Design Creates Meaning (中文版)

“我們身處一個‘情報’時代,面對無數的選擇。由於我們獲取資訊的渠道五花八門,越來越多的人開始自己進行研究,進而自己作出判斷和決策,而不再依賴專家和權威。然而,資訊爆炸的另一面是:多達99%的資訊都屬於垃圾資訊,沒有任何意義或不可理解。所以,我們需要反思我們所提供的資訊,因為人們渴望得到更精細、有用的資訊。想要在當今的世界取得成功,我們需要精選出我們所需要的具體資訊,然後把這些資訊應用於我們的實際工作中。”- 摘自Richard Saul Wurman所著的《信息焦慮症2》。

數據

我們周圍充斥著未經處理的原生數據。儘管很多人都在說這些數據,但它們並不是我們這個時代的驅動力,而只是一些相互關聯的積木塊兒。未經處理的原生內容或數據的意義是極其有限的。
事實上,只有經過轉化的數據才具有實用價值,而原生的數據毫無意義可言,唯一有用的地方可能就是緩解人們生活中的焦慮罷了。

真正的資訊是意義的開端。

真正的資訊是把數據放入某種語境中,同時在表達和呈現中加入思考。從“數據”到“資訊”的過程意味著從“感官認識”到“概念認知”。
如果不對原生數據進行處理和轉換,那它就一文不值。

知識

“知識”與“資訊”的區別在於“知識”的複雜性決定了你需要對它進行學習和研究。舉例來說,一個學生如果想學到某一方面的知識,他就需要通過不同的渠道、不同的角度獲取相同的數據,並且通過自己的實際體驗來學習。“知識”無法由一個人轉給另一個人,而是必須通過個人自己的學習來獲得。

“資訊設計”是一門“將原生數據轉化為資訊”的學科,可以說是“知識構建”的一個載體。


From “The case for designing offices more like bars“:

Face-to-face interactions increase empathy, which is a cornerstone of trusting relationships. “Patterns of face-to-face engagement and exploration within corporations were often the largest factors in both productivity and creative output,” says Sandy Pentland of MIT’s Media Lab in his book Social Physics. Neuroscience also backs up these ideas. In her book Conversational Intelligence, Judith Glasser states that when you are connecting face-to-face, “Mirror neurons are firing off, forming a bridge of insight and empathy with others.” Glasser explains that these “exchanges within our trust networks make us feel more positive, open, and closer to others…Strong bonds of trust serve up a cocktail of the brain’s feel-good natural chemicals like oxytocin, dopamine, and serotonin.”
Therefore, to make workers happier in both social and professional structures at work, we need to understand how to manufacture more eye-to-eye happenstances.

Click bait article title aside, nothing beats face-to-face interactions, especially in multi-cultural, multi-lingual teams. Our dependence on chat software for communication is not a strength nor an advantage, it’s a weakness.


Get Out Of Your World Of Expertise

The most inspirational people, not just inspirational, but the best people period, that I have had to good fortune to work with or know have all been experts in more than one discipline. An engineer who was an expert in classical music, a designer who could play the violin, a doctor who could play the drums; all were multi-dimension and great at what they did. These kind of people are a joy to be around too.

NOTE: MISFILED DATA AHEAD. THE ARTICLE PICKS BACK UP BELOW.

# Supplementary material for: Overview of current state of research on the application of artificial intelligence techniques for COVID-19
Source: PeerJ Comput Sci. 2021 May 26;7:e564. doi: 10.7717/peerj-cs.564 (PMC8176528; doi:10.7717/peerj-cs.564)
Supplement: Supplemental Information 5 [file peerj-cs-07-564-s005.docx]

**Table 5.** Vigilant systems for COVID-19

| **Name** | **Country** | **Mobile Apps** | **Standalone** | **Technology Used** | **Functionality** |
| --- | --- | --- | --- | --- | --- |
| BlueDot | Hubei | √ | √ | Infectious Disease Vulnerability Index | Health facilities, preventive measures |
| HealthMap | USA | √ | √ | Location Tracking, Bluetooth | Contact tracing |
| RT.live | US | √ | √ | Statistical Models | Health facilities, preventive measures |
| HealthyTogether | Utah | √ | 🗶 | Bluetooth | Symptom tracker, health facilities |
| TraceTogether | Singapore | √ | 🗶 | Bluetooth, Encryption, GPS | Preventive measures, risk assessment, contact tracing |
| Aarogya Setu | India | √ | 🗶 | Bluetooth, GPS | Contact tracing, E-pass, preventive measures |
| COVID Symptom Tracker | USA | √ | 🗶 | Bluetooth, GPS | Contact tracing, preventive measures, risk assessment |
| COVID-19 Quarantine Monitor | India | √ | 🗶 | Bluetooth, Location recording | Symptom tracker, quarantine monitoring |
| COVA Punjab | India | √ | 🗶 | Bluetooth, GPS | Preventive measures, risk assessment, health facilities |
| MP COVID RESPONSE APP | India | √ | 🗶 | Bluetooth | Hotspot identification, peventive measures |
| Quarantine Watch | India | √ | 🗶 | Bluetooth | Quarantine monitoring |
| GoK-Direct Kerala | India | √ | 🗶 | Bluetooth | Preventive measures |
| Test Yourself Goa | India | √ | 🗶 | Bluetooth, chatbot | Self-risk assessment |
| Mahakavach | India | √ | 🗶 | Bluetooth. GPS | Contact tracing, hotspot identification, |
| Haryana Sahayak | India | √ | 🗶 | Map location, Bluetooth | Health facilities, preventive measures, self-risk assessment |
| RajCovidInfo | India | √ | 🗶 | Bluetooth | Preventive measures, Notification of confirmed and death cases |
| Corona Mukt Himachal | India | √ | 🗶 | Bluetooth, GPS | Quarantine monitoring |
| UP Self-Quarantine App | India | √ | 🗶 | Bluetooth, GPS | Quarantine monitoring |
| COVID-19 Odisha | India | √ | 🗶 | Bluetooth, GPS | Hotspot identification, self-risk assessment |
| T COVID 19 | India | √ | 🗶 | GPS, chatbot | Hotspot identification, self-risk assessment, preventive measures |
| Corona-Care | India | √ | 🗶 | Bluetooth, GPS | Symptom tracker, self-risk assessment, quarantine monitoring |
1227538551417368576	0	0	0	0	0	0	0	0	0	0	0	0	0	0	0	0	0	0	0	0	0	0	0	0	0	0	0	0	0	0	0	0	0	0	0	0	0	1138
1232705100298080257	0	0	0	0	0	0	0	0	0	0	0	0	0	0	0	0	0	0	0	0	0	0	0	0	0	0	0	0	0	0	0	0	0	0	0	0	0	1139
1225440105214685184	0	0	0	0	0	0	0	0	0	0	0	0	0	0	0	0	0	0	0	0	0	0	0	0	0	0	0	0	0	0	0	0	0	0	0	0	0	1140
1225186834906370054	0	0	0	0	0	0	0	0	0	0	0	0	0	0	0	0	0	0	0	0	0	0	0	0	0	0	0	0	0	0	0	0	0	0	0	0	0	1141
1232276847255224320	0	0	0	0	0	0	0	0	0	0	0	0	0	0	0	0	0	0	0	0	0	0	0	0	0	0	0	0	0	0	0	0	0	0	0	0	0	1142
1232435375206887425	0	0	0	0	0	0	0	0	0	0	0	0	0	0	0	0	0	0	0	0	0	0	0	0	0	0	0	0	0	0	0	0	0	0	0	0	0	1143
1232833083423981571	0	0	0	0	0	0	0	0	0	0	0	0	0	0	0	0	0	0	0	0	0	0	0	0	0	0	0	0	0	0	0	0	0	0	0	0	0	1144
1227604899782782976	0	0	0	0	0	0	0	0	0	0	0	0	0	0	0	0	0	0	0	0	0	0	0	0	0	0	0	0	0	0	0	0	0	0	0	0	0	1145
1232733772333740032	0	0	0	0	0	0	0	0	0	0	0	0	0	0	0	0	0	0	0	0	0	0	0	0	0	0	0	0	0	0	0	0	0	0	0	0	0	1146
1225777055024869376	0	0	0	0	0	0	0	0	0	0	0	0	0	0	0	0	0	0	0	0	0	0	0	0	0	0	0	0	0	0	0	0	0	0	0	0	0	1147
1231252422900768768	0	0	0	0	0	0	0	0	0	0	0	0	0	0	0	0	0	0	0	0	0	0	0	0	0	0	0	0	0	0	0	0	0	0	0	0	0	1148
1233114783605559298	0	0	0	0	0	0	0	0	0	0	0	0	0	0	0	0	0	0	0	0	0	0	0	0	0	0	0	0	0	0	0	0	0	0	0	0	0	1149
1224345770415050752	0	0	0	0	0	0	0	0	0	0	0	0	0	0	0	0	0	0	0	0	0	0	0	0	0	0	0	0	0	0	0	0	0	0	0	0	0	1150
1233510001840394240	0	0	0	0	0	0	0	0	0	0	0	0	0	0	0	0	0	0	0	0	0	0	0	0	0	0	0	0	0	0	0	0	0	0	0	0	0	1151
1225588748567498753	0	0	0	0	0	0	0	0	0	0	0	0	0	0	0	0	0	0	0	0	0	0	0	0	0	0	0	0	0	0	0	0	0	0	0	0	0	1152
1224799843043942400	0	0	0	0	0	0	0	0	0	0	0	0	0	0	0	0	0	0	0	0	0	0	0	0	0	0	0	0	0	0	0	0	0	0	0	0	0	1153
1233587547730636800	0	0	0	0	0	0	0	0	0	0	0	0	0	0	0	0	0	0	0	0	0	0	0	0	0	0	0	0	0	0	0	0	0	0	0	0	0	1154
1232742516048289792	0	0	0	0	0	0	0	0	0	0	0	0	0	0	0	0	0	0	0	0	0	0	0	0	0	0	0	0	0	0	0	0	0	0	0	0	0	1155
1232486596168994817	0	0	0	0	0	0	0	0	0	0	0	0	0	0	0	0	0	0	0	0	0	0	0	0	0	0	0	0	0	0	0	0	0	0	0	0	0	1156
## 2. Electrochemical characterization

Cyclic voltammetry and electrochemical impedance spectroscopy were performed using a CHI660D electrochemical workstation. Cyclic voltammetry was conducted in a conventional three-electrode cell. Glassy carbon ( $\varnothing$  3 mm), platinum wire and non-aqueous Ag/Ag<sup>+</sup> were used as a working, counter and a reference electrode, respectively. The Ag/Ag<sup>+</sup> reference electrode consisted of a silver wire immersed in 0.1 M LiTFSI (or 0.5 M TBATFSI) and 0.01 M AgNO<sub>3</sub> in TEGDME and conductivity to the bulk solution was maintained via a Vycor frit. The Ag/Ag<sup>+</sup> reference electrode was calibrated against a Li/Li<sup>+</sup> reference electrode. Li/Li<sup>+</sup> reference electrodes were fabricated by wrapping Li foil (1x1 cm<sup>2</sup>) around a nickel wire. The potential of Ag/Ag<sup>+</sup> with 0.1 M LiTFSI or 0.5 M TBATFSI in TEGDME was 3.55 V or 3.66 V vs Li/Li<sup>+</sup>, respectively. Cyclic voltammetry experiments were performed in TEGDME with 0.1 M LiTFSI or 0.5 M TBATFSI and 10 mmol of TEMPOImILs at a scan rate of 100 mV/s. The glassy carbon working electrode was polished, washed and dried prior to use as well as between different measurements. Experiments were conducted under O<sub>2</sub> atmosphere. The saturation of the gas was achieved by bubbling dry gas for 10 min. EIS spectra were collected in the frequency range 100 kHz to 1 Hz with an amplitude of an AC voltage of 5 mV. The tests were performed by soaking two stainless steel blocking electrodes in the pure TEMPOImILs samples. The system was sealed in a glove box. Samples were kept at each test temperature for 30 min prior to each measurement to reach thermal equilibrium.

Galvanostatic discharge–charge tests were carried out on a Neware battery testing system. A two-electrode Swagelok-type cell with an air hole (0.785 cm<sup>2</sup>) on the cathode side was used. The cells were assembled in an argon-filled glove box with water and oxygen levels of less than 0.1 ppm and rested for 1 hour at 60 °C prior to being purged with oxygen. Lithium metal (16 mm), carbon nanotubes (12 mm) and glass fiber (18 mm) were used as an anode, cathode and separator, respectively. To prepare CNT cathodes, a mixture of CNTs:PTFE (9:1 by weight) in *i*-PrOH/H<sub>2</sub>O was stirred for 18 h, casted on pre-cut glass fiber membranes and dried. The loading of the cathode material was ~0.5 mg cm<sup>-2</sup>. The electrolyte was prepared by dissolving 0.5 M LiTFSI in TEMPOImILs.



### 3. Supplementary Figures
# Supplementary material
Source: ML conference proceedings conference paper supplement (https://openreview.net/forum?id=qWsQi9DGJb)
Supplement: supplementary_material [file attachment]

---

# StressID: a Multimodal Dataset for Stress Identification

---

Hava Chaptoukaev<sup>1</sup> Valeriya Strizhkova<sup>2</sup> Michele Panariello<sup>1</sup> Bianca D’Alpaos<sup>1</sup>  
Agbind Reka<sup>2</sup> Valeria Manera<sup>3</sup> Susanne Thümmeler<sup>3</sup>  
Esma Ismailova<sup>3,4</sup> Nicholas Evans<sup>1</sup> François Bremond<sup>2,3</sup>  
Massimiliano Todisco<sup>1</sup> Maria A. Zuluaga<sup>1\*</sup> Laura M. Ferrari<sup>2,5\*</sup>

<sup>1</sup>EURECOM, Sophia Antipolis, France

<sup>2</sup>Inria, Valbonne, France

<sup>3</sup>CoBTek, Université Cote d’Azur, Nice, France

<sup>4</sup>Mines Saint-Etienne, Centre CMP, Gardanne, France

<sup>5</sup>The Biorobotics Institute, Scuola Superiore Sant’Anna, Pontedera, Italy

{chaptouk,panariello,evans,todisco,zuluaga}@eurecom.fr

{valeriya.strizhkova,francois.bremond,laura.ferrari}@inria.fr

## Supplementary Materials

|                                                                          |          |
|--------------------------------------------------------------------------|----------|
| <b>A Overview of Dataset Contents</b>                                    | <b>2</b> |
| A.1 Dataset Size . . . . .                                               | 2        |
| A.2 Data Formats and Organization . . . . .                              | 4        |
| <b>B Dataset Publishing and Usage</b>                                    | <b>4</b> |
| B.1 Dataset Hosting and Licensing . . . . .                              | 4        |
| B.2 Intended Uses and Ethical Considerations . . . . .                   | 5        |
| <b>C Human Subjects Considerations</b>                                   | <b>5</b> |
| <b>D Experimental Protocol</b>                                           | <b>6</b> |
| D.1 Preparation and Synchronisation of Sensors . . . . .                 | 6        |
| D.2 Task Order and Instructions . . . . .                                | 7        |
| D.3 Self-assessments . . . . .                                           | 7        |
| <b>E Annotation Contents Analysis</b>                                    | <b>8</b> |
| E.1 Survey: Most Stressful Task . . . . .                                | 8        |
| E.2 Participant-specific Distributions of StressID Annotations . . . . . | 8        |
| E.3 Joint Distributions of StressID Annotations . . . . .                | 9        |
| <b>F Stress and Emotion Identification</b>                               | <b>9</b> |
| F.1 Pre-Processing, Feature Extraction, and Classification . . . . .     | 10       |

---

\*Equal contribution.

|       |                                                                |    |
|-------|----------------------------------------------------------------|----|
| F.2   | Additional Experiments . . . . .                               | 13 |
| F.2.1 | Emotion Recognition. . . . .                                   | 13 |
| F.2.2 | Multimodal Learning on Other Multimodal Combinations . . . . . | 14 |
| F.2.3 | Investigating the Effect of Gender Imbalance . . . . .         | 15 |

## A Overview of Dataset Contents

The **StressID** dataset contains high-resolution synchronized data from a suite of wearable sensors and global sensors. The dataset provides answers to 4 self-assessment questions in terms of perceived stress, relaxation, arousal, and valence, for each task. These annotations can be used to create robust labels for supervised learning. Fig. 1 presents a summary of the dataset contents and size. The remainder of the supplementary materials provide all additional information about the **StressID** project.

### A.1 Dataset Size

Throughout school, I was laser-focused on learning everything I could about design. When I came to IDEO, this passion for design was no longer something that made me unique. It’s what you know beyond design that allows you to come up with a solution that your peers haven’t considered. Good design skills are most powerful when they are applied with another discipline or two, or three. I found the designers I most admired were experts in some other area—neuroscience, climbing, magic, baking.
From 3 Ways to Fight Impostor Syndrome


資訊架構與資訊設計的區別

這兩個概念有所不同,“資訊架構(IA)”主要與“認知”有關,即:人們如何處理資訊、如何分析不同資訊之間的關係;而“資訊設計(ID)”則與“感知”有關,即:人們如何將他們看到的和聽到的東西轉化為知識。

這兩種方式都需要不同的技能。“資訊架構師”來自各個領域,但我感覺其中大部分有語言學背景;而“資訊設計師”通常指向視覺藝術,因此,大部分資訊設計師來自同一個領域:平面設計。

“資訊架構”屬於抽象概念,它主要針對人腦中的資訊結構,而不是紙上或螢幕上的;而“資訊設計”則非常的具體,資訊設計師在設計過程中考慮的重點是顏色和基本形狀等具體資訊。

Translated from :

Differences between Information Architecture and Information Design

Between the two names we have different concerns. Information architecture (IA) is primarily about cognition, how people process information and construe relationships between different pieces of information. Information design is primarily about perception, how people translate what they see and hear into knowledge.

Both require different skills. Information architects come from a variety of backgrounds, but I sense that a majority of them display an orientation toward language. Information designers, on the other hand, tend to be oriented toward the visual arts. As a result, the majority of information designers come from exactly one discipline: graphic design.

Information architecture belongs to the realm of the abstract, concerning itself more with the structures in the mind than the structures on the page or screen. Information design, however, couldn’t be more concrete, with considerations such as color and shape fundamental to the information designer’s process.

Which I picked up many years ago from Jesse James Garrett.


Culture Influences the Amount of Creativity

Work related to creativity has centered on individualism–collectivism, uncertainty avoidance, and power distance (Hofstede, 2001; Rank, Pace, & Frese, 2004). Individualism–collectivism characterizes the strength and cohesion of bonds between people, with people looking after themselves in individualist societies and looking after the larger societal unit to which they belong in collectivist societies. Power distance refers to the extent to which power and authority are expected and accepted to be distributed unequally in a society. Uncertainty avoidance concerns the extent to which people feel uncomfortable or threat- ened by unknown, uncertain situations.